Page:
Market Overview for Technology for Aging in Place

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Tech for aging at home – plenty of news, what’s the meaning?

In tackling aging with tech -- interesting few weeks.  Sometimes odd things happen in sequences that beg a backward search for meaning. So let’s recap: within the past three weeks, Silicon Valley VCs invested in a presumably tech-enabled home care agency, Apple and IBM coughed up 5 million iPads for Japanese seniors (to “tackle aging”), and the US Senate held a hearing on the benefits of technology for those aging at home. Some might see these three disparate events, when viewed together, as a trend that shows how tech, big companies, and public policy are all coming together in an age-related trifecta of tech transformation. Whew!

What happens next – in home care? Consider these one at a time – the Honor investment of $20 million has no doubt invigorated the mindset of home care industry players, the websites and tech companies that serve that industry, and probably triggered a San Francisco-area debate about hourly wages, which were already pretty high by industry norms.  But has Honor disrupted that industry? The ‘request a caregiver for an hour’ picture frame glosses nicely over the recruit-vet-manage-reward-retain aspects of home care. This an industry that continues to be nearly all about people -- versus technology solutions that monitor them – family members, home care worker/company, care recipient, and repeat. But $20 million enables thinking more about platforms, devices, decision support, and family communication. Impact on industry? Limited.

What happens next – postal services and the last mile? One might imagine that the Apple-IBM-Japan Post partnership would be the first of more initiatives elsewhere. First point – the struggling post office was privatized in Japan, in 2009 and has generated new revenue streams, offering ‘last mile’ services in insurance and banking, in addition to mail, and its Watch Over service is also fee-based and addresses the country’s conundrum of an aging population, with many seniors located in villages that younger family members have abandoned. This has not been attempted in European countries, which struggle with elder care – though other uses of postal services are thriving – Deutsche Poste, La Poste in France, and USPS, for examples, offer direct marketing assistance and/or direct mailers.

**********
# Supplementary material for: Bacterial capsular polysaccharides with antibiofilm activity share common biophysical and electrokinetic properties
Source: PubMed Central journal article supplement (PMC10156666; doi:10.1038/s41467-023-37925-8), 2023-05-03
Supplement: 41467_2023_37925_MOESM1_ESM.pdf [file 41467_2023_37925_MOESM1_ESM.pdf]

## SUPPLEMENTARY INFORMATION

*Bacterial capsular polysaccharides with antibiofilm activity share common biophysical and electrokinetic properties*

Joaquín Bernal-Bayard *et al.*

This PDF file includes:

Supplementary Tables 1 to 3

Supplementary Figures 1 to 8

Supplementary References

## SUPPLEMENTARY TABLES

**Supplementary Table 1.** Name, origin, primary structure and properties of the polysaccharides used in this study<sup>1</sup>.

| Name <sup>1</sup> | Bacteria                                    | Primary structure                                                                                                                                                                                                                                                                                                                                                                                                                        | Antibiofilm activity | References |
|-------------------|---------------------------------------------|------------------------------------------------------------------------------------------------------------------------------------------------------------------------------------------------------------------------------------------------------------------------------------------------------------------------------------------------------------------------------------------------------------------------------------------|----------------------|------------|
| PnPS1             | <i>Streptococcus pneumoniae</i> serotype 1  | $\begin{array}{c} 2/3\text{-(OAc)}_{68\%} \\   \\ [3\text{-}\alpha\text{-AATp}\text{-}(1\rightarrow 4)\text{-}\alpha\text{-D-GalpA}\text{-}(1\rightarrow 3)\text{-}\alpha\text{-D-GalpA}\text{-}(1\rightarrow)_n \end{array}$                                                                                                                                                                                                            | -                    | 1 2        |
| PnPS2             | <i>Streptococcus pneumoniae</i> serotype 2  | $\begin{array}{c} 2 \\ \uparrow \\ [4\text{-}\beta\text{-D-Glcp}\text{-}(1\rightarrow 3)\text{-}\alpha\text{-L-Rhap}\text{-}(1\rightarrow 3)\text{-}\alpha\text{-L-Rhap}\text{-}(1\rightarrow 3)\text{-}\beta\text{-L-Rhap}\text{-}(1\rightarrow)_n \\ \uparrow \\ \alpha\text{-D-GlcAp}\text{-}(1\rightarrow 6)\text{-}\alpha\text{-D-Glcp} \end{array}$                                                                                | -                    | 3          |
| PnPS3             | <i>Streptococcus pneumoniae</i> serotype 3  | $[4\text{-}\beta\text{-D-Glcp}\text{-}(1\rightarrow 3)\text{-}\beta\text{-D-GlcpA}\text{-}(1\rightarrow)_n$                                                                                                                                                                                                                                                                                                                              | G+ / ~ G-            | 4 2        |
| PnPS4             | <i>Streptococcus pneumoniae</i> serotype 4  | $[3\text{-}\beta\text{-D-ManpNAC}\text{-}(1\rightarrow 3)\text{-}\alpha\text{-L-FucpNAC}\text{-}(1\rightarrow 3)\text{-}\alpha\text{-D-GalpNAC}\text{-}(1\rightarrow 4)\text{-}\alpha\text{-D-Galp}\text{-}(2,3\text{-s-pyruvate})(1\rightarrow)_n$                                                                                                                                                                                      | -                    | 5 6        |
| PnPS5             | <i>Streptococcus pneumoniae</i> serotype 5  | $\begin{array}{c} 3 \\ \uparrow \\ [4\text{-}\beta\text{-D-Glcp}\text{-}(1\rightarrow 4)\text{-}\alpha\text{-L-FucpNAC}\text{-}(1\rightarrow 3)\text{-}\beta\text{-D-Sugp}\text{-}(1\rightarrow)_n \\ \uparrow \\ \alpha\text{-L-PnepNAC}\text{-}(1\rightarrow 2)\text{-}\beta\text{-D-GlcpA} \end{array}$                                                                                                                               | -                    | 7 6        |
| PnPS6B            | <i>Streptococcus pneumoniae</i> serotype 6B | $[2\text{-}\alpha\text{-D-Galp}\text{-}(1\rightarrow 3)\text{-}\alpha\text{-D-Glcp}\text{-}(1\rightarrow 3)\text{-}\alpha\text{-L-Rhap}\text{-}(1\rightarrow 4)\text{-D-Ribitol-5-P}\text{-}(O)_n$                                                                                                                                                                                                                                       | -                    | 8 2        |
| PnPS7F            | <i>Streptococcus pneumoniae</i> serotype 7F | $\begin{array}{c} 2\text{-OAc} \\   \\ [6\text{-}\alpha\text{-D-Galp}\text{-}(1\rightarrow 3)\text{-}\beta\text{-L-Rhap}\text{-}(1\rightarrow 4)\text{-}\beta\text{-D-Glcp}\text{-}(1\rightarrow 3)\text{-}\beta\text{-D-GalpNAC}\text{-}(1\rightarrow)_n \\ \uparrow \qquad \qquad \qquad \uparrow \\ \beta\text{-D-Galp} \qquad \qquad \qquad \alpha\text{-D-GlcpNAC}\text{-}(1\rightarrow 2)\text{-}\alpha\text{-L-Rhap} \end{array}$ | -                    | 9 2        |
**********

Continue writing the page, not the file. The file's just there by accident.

What happens next in public policy – tech for seniors?  Not much near term. The Senate hearing on tech for aging began with technology examples and potential, the committee senators acknowledging that future costs associated with an aging population, specifically, Medicaid and Medicare, are troubling – and tech solutions are needed to enable seniors to live independently at home. But current committee players Susan Collins of Maine and Claire McCaskill of Missouri are recent appointments; no legislation related to this topic is on the table. Members present asked what legislation could even be undertaken – other than efforts to expand rural broadband?  I made a few suggestions for enabling seniors at home with nationwide discounts for broadband and wireless services, discounts on tech products, or national aging in place home remodeling building codes (not just a special week in October).

Comments

Laurie,

We have developed sensor driven, patented technology that acts as an invisible caregiver to seniors aging in place, without the need for the senior to wear a device. We believe this to be unique and a game changer for seniors living independently, together with their children and caregivers. As with previous bloggers, I just wanted to let you know that something new is coming soon, and we're out here! David Edwards, CEO at Motiosens, Inc.

Laurie, I think Sen. Collins may be a great advocate. Maine is the oldest state and she is well aware of the issues of the vast majority of seniors who often do not have a lot of money or access to technology. (Or live in the rural areas of the US-- disproportionately full of older people-- where you might not be able to access cell phone service and many people do not have internet access). At any rate, Susan Collins is personable, humble and practical and from a northern Maine county full of older people.

On a somewhat different subject, I was just noticing that Google has given a group $500K to develop smart phone apps for hearing impaired. I hope they talk to consumers who are hard of hearing, but my hopes are dim. As you have said, older people (who are more likely to have hearing issues) often do not have smart phones and if they do, often do not use apps. As I have an impairment, I would be hesitant to use a smart phone as flip phones work better for me. I continue to believe most products are developed by able bodied 20 somethings in a locked conference room. I also think they have never heard the words “health literacy.” Personally, I would like someone to develop a battery less hearing aid or an easy way to insert batteries. That would be worth $500K! Ann